WHEREAS, there is an action currently pending in the Delaware Court styled BioVeris Corp. v. Wohlstadter, C.A. No. 572-N (the "Fiduciary Duty Action" collectively with the §18-110 Action, the "Actions"), brought by BioVeris against Defendants.
WHEREAS, the Actions, in part, arose out of the Joint Venture Agreement (the "JVA") dated November 20, 1995 (as amended August 15, 2001) by and among [Diagnostic], [Meso] and BioVeris (as successor in interest to IGEN International, Inc.) and the [Diagnostic] Limited Liability Company Agreement ("[Diagnostic] LLC Agreement") dated November 30, 1995 (as amended August 15, 2001); and
WHEREAS, the parties have reached an agreement, set forth herein (the "Agreement"), providing for settlement of the Actions, on the terms, and subject to the conditions set forth below (the "Settlement").[18]

         The Settlement Agreement includes several other provisions relevant to this litigation. Section 1 confirms the parties' agreement to proceed with the buyout process originally set forth in Sections 8.5.3 and 8.5.4 of the JVA.[19] Section 17 amends the Purchase Price in Section 8.5.4 of the JVA to include the Pro Rata Rent Share[20] through August 31, 2005.[21] Section 17 also includes the parties' agreement to "reconcile the actual accrued Pro Rata Rent Share (as defined in the subleases) and make any necessary adjustments to the Purchase Price (as defined in the JVA) arising from such reconciliations."[22]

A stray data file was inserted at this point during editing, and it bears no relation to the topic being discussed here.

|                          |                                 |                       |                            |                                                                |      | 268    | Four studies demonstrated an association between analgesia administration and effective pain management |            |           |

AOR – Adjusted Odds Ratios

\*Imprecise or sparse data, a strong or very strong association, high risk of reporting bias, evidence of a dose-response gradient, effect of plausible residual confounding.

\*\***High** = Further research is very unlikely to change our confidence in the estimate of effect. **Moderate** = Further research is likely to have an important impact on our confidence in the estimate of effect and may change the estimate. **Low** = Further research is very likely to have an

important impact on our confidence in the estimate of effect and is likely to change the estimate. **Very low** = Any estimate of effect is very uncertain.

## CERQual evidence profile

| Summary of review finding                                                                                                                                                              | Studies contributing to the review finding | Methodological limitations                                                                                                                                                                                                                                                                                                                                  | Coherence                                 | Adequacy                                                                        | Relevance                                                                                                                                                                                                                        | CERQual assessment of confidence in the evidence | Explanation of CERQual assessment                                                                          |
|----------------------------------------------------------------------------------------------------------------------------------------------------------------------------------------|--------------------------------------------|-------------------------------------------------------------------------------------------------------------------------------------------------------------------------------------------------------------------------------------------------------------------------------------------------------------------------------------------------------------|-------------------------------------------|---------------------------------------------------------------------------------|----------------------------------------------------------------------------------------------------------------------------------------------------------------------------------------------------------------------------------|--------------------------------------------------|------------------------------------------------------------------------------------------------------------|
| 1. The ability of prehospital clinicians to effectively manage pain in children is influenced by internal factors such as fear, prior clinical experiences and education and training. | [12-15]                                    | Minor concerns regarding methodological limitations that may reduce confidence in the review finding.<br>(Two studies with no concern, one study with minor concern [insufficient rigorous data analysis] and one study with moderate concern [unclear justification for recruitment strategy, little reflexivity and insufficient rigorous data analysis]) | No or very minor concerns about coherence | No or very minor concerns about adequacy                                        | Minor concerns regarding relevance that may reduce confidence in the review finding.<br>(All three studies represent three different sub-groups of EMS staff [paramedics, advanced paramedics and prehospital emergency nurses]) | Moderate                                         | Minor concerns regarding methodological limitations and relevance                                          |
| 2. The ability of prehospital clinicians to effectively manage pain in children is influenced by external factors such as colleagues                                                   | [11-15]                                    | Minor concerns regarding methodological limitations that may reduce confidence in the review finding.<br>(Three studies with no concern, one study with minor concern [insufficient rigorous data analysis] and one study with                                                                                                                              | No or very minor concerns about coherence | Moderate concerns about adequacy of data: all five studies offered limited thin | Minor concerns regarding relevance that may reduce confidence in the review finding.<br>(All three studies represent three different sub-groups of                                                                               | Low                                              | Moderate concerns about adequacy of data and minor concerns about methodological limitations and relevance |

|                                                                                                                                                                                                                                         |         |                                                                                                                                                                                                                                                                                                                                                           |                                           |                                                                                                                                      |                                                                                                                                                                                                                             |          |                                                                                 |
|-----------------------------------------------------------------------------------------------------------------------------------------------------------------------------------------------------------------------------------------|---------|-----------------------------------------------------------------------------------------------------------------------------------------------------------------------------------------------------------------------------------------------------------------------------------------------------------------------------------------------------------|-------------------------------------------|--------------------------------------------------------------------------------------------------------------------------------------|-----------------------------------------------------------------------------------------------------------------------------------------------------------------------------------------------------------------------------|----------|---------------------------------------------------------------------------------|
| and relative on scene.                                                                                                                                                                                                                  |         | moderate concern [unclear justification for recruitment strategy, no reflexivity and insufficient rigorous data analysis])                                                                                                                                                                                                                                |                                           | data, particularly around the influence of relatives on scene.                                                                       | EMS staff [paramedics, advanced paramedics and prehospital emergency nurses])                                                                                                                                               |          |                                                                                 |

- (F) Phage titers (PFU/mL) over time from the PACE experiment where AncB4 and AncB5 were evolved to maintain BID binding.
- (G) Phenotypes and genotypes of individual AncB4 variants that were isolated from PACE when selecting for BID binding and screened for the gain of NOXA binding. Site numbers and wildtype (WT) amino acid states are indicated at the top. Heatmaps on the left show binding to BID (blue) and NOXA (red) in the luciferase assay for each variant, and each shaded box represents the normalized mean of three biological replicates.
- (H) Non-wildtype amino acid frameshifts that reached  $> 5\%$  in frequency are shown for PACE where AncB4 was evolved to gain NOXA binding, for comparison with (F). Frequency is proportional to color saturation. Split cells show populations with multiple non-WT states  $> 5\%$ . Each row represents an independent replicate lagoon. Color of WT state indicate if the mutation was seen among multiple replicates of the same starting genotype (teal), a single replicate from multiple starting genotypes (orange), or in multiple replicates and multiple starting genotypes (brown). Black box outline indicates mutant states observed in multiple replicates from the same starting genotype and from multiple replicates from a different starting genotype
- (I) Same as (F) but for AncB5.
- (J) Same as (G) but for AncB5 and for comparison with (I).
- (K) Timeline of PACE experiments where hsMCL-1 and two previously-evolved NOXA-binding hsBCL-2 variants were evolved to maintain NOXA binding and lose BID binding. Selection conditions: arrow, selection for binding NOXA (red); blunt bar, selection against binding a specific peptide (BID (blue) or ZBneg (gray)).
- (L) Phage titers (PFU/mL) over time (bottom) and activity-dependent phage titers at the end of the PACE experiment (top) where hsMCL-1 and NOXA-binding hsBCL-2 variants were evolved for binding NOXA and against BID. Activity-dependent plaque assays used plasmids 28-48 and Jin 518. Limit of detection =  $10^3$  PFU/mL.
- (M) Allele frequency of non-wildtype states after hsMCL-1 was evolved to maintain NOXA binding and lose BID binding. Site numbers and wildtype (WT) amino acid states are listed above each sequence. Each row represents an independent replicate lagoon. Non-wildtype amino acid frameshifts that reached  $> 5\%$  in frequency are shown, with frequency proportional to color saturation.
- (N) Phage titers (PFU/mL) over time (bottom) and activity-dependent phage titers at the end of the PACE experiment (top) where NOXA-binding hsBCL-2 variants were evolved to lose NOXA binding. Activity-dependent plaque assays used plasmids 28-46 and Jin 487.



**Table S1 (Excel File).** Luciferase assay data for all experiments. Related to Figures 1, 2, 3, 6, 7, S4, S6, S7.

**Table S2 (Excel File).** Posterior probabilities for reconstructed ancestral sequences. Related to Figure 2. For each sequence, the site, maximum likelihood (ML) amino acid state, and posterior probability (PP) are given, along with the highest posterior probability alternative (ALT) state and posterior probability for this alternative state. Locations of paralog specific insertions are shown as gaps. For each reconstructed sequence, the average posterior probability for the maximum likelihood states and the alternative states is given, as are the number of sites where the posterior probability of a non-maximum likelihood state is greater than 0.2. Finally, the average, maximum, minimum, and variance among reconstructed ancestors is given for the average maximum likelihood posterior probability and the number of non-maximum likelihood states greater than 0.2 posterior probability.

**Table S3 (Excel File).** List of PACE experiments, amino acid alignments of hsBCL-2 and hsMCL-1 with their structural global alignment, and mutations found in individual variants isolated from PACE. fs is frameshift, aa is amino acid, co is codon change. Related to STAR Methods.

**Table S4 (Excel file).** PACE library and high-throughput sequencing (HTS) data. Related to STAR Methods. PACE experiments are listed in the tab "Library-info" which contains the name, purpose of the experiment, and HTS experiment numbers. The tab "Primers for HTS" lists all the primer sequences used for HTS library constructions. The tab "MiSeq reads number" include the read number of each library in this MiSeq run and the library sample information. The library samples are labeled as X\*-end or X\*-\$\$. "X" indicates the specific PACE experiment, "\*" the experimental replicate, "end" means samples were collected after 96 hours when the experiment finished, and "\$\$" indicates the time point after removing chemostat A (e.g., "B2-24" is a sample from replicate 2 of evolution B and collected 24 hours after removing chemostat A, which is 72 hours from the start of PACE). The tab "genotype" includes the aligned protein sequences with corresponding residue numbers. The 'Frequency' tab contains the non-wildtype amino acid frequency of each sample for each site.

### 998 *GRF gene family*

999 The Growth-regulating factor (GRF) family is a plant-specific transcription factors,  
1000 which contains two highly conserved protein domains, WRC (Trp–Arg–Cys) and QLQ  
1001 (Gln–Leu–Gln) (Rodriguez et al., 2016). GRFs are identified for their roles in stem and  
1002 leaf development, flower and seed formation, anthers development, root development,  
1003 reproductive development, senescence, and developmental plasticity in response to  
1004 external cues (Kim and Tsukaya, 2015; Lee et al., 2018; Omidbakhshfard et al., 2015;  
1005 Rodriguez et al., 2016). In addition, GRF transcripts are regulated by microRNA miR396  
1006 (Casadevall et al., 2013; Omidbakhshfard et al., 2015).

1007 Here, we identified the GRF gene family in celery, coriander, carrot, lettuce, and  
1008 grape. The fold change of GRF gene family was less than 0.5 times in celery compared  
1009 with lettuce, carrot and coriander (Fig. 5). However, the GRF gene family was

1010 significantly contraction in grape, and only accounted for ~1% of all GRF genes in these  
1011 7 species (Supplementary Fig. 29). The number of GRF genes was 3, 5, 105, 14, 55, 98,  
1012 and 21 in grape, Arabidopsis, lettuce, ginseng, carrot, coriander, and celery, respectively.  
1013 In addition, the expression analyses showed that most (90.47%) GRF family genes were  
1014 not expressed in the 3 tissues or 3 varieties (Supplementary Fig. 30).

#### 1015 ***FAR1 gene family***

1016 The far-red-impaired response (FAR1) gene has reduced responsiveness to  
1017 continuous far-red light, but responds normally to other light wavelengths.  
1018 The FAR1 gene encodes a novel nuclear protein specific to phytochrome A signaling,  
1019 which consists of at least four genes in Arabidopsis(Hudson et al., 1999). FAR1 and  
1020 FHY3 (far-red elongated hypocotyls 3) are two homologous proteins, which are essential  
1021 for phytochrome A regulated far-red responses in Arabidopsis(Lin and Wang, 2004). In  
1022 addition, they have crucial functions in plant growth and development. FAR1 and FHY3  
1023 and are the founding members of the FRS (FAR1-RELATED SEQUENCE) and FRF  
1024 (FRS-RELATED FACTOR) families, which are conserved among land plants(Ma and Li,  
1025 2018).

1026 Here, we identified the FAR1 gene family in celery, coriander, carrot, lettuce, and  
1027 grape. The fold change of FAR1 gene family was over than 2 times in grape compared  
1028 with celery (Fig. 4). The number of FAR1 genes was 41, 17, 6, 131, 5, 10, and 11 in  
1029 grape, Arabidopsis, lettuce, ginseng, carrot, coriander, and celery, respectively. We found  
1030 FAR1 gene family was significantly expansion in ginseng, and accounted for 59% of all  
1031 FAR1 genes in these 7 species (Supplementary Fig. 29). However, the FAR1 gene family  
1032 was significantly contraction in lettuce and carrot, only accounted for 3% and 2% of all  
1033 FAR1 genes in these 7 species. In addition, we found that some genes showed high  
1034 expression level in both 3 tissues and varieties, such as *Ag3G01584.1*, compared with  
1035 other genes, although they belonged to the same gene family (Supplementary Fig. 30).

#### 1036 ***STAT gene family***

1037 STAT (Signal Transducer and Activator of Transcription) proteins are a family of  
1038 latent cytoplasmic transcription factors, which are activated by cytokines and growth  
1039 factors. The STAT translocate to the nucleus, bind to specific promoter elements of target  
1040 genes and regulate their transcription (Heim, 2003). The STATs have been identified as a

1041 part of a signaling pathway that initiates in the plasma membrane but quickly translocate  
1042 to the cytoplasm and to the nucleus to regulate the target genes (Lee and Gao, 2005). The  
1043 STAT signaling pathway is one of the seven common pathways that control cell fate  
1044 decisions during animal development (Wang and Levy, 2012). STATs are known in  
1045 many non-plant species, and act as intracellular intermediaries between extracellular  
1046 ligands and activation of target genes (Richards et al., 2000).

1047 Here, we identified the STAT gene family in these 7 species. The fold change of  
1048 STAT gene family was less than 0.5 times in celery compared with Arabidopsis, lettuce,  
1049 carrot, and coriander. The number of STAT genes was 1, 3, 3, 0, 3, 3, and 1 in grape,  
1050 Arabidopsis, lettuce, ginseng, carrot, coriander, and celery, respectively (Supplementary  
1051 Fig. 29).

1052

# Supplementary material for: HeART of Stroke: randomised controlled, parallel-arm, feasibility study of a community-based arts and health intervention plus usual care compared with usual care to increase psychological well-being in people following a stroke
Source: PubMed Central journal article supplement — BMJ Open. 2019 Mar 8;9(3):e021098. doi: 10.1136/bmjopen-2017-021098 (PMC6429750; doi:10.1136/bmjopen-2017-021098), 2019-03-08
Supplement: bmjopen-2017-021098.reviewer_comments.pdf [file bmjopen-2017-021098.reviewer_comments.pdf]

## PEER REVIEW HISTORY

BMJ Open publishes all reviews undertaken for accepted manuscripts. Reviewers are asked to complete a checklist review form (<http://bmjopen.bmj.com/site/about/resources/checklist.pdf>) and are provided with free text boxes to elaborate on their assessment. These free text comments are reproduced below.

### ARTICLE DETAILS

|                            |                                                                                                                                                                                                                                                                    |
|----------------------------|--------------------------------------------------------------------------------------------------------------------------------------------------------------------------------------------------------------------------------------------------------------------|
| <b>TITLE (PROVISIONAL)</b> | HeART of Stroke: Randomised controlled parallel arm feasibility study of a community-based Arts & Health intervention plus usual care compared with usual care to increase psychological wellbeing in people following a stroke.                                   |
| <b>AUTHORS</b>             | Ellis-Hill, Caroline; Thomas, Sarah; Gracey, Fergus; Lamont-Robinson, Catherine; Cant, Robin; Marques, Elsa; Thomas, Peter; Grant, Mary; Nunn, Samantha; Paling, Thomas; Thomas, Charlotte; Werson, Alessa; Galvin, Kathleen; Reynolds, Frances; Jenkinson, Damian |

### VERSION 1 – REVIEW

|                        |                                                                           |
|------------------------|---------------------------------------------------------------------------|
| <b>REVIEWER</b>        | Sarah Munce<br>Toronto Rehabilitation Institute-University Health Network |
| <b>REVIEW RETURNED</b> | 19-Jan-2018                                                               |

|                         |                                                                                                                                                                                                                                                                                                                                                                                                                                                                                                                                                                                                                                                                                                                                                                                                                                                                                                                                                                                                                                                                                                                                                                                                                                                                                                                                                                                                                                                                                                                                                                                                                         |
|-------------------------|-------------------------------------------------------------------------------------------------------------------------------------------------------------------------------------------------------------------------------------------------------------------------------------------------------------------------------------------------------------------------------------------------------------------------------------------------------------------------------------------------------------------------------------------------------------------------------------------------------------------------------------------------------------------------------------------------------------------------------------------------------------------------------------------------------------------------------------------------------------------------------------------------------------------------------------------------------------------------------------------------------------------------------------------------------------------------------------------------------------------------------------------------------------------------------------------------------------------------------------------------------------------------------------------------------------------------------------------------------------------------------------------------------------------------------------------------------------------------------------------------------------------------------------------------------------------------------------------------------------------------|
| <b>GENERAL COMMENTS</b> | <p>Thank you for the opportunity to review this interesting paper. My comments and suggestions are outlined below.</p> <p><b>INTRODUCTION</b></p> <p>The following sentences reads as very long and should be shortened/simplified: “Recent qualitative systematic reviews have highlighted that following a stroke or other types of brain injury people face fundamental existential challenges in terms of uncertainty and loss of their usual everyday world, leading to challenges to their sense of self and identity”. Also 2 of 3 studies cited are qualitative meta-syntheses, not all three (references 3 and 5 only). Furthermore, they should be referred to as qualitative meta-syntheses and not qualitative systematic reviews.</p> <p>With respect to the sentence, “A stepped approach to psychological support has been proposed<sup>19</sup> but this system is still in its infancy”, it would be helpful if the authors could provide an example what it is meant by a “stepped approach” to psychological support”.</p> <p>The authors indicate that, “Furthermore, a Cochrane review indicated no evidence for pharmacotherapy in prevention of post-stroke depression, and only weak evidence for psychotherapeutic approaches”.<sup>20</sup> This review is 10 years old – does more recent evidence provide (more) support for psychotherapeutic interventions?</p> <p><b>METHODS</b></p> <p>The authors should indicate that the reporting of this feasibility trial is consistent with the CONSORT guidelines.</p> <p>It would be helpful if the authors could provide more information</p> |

The parties agreed to a dispute resolution scheme for any disputes arising out of the Settlement Agreement. Sections 23 and 24 outline an audit procedure as the sole remedy for disputes related to the calculation of the five percent payments under Section 8.5.3.[23] All other disputes "arising out of or relating in any way to this Agreement or the Settlement" must be litigated in the courts of Delaware.[24] Further, the prevailing party in any action to enforce the Settlement Agreement may recover costs and attorneys' fees.[25]

         Finally, the Settlement Agreement includes an entire agreement and savings clause (Section 45) which reads:

This Agreement constitutes the entire agreement among the parties with respect to the subject matter hereof, and supersedes all prior or contemporaneous oral or written agreements, understandings or representations. Unless otherwise modified herein, the written agreements between or among the parties, including without limitation, the JVA, the [Diagnostic] LLC Agreement and the License Agreement, shall remain in full force and effect.[26]